The historic NEA position on sex education
By Michael P. Farris
Sex education is one of the ever - boiling areas of controversy which have engulfed our nation's public schools. Public school efforts to provide what many parents perceive as amoral “how - to - do - it” courses have factored significantly in many families’ decisions to opt for private or home schooling. It would seem indisputable that there is a positive correlation between the number of homeschooling students in a community and the degree of explicitness in public school sex ed lessons.
We have been told in recent years by the NEA and other establishment types that if we have more sex ed, we will have fewer teenage pregnancies, abortions, and venereal disease. Statistics, of course, show that the trend is exactly the reverse of such predictions.
As a homeschooling advocate, I have a certain amount of “reverse joy” when public schools engage in irresponsible conduct such as passing out free condoms in a sex ed class. The certain consequence of such action is to create an atmosphere where more and more parents will choose homeschooling. However, for the good of the students presently in the public schools, I am, of course, saddened by such irresponsibility.
Perhaps we need to look at the historic position of the National Education Association. There was a time when the NEA was a professional society for professional educators, but in time it has grown to be nothing more than a militant lobby for teachers. My father, a public school elementary principal, was expelled from the NEA because he was “management,” and the NEA represented only labor. So much for mere concern by professional educators.
Back in the days of Ozzie and Harriet, when the national sex life was not conducive to the creation of an epidemic like AIDS, the NEA published a book on sex education entitled Parents’ Privilege. This 1960 publication stated its thesis quite succinctly:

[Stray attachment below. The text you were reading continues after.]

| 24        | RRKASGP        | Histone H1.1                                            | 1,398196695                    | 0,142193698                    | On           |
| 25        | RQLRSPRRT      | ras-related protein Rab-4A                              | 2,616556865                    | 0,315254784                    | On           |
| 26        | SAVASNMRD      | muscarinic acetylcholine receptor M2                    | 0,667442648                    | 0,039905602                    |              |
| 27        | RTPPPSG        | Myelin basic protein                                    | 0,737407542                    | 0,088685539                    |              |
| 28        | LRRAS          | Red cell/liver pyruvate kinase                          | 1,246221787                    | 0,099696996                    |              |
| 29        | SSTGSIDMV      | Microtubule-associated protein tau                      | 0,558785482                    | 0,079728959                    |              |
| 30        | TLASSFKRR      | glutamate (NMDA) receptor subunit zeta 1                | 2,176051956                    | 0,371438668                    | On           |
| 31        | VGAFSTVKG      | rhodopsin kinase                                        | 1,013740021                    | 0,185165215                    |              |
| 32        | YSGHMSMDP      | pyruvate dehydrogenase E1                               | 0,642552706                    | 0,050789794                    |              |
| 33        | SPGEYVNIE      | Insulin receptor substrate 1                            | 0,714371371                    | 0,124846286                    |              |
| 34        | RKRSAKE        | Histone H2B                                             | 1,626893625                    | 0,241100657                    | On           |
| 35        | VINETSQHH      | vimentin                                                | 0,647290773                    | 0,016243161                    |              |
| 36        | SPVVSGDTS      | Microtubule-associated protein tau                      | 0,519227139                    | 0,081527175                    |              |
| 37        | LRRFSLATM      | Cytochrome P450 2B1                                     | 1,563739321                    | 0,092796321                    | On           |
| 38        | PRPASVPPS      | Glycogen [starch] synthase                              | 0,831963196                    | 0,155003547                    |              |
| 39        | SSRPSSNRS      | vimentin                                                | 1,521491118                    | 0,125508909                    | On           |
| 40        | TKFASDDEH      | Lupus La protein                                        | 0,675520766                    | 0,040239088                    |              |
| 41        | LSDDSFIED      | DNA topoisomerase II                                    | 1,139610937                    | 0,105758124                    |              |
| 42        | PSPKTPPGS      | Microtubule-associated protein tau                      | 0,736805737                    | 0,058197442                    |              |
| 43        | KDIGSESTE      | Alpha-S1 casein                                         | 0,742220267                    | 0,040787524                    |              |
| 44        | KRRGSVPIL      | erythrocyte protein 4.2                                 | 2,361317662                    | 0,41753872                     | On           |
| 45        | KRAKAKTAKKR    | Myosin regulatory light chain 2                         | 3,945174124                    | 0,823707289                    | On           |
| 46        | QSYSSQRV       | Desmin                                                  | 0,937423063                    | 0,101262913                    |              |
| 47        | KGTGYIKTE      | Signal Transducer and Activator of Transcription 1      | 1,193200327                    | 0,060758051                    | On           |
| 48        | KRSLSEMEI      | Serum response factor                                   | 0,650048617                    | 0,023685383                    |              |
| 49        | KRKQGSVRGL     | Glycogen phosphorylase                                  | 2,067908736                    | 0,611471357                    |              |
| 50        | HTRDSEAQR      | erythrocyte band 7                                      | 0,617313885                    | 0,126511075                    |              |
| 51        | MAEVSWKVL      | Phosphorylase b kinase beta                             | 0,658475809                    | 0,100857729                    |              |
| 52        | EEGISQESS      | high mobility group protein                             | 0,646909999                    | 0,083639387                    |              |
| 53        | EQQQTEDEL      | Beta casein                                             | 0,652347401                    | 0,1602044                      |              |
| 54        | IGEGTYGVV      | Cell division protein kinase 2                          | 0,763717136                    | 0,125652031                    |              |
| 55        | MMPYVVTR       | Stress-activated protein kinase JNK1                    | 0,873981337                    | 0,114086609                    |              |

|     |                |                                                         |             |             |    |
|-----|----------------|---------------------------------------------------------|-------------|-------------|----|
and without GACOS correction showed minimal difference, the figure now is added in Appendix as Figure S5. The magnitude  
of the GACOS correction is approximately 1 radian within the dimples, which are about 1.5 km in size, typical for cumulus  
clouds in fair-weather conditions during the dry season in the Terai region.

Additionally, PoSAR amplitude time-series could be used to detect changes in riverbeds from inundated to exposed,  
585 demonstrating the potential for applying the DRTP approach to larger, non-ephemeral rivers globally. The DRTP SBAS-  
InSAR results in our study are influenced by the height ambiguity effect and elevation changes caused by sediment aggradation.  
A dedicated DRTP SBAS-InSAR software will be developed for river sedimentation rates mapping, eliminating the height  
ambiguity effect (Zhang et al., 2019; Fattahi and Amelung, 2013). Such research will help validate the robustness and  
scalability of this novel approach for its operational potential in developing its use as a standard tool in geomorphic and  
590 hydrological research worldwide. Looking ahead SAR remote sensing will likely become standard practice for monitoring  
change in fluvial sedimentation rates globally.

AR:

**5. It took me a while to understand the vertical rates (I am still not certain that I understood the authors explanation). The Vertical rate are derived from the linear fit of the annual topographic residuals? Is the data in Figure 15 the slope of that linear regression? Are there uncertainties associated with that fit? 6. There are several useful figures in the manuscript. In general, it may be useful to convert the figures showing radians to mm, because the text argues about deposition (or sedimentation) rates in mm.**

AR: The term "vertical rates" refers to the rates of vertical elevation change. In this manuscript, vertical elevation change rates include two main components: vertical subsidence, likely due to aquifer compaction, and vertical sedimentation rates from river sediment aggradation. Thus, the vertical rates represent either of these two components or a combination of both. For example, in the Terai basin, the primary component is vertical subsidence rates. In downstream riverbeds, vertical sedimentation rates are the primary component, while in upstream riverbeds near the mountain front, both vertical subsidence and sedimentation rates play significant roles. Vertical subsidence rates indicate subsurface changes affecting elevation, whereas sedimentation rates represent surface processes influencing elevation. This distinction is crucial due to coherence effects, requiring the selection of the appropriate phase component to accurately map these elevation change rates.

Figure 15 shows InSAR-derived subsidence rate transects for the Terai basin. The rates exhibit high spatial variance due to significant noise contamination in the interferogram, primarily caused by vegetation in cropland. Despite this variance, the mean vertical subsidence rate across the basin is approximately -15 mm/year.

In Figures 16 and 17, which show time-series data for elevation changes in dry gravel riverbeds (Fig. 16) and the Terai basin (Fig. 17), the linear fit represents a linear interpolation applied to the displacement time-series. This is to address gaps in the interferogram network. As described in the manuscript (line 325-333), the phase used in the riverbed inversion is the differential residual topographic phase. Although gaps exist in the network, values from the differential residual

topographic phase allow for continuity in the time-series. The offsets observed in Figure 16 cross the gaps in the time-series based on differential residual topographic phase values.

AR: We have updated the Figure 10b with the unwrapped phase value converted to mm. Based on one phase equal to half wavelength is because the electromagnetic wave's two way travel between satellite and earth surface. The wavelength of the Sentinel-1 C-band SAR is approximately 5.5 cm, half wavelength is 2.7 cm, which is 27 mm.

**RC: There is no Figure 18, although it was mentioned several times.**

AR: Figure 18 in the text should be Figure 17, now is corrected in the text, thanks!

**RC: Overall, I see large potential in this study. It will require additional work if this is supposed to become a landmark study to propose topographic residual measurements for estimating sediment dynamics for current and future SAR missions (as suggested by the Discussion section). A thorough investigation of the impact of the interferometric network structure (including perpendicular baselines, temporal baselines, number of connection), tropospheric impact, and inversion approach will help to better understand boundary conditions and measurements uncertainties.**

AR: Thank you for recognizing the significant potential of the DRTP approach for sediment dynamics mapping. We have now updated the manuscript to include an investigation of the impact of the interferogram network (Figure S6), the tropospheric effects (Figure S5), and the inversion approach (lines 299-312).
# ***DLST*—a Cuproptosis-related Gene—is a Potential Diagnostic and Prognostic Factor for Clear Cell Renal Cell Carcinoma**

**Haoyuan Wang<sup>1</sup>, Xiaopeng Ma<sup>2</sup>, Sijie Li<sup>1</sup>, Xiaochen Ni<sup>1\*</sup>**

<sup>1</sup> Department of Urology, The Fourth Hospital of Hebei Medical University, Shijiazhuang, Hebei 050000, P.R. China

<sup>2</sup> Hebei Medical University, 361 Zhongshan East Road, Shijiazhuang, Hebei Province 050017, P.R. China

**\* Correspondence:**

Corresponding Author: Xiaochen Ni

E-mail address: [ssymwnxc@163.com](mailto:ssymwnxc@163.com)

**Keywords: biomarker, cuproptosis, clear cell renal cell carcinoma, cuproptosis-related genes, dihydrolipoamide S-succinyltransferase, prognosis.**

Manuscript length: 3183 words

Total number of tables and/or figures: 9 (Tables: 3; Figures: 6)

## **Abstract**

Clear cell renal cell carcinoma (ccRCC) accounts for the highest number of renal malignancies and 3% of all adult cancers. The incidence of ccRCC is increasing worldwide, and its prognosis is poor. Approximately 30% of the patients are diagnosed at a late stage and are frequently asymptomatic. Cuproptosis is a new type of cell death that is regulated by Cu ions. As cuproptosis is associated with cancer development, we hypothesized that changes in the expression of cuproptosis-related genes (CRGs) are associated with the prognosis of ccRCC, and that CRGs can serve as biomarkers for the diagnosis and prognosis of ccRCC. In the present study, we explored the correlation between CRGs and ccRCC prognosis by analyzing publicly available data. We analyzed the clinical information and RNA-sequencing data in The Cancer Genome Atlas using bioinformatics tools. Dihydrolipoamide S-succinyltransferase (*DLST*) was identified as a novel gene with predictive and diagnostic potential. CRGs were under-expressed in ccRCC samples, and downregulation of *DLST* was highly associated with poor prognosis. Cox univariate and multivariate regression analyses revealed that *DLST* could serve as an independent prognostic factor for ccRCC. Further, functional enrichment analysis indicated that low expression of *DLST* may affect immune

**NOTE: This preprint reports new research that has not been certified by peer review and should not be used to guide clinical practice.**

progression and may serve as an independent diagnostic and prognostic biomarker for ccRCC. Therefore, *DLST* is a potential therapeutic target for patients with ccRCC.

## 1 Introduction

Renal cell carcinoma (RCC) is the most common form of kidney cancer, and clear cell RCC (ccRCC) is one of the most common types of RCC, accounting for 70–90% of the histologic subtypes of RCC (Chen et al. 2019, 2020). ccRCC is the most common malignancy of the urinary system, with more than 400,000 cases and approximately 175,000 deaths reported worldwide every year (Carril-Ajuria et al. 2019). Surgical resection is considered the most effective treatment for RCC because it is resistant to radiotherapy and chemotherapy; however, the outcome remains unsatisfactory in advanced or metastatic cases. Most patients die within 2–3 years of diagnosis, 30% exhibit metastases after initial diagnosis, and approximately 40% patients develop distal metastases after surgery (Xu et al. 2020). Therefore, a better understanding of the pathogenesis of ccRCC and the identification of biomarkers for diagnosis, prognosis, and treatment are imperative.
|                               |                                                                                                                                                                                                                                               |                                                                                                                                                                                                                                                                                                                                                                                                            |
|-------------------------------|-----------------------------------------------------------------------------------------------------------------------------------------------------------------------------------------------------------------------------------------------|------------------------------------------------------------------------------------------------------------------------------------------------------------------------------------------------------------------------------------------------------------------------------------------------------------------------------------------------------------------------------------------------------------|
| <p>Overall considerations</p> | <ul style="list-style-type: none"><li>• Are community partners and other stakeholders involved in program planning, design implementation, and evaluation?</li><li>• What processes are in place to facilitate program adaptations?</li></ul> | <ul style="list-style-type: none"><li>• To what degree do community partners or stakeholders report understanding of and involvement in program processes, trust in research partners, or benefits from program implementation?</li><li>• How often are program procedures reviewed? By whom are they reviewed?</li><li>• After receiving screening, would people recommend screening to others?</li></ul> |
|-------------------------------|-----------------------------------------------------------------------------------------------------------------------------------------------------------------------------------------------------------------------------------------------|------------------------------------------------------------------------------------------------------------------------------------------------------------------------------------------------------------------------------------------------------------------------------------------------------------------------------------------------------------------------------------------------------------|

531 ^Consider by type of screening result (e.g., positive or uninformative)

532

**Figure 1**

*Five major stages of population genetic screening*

Many people think of sex education as a task, and they refer to “the parents’ job,” or the “job of the school.” Actually, sex education is the parents’ privilege.
This NEA booklet not only encourages the parent to be the source of sex education, but it encourages moderation in the revealing of factual material.
Many parents will say, “I want my child to know EVERYTHING!” Facts, like certain foods, are good in moderation and in combination with other needed elements.
The theme of parental control is again emphasized in this regard with the NEA's declaration,
Fathers and mothers are the best judge of how much information to give their own children.
One of the reasons that the NEA apparently believed that sex education belonged at home was that they recognized that there is a “place [for] religion in sex education.” The NEA said,
Many questions that children ask about sex can be answered constructively in a religious framework. Some fathers and mothers preface all explanations of birth with the statement that God made it possible for mothers and fathers to have babies.
The NEA believed in promoting “faithfulness to a marriage partner and to carry responsibility in parenthood.” The professional educators encouraged parents to incorporate their religious views of sex into teaching, saying,
Parents can lay the foundation of a successful marriage for their children only if they interpret sex education as more than factual content about physiology.
The NEA has sure come a long way since 1960—a long way down. The “back to basics” movement in education ought to take up the banner to get the schools out of the sex - ed business and return the job it its rightful place as a Parent”s Privilege, as the NEA so appropriately called it in 1960.
Michael P. Farris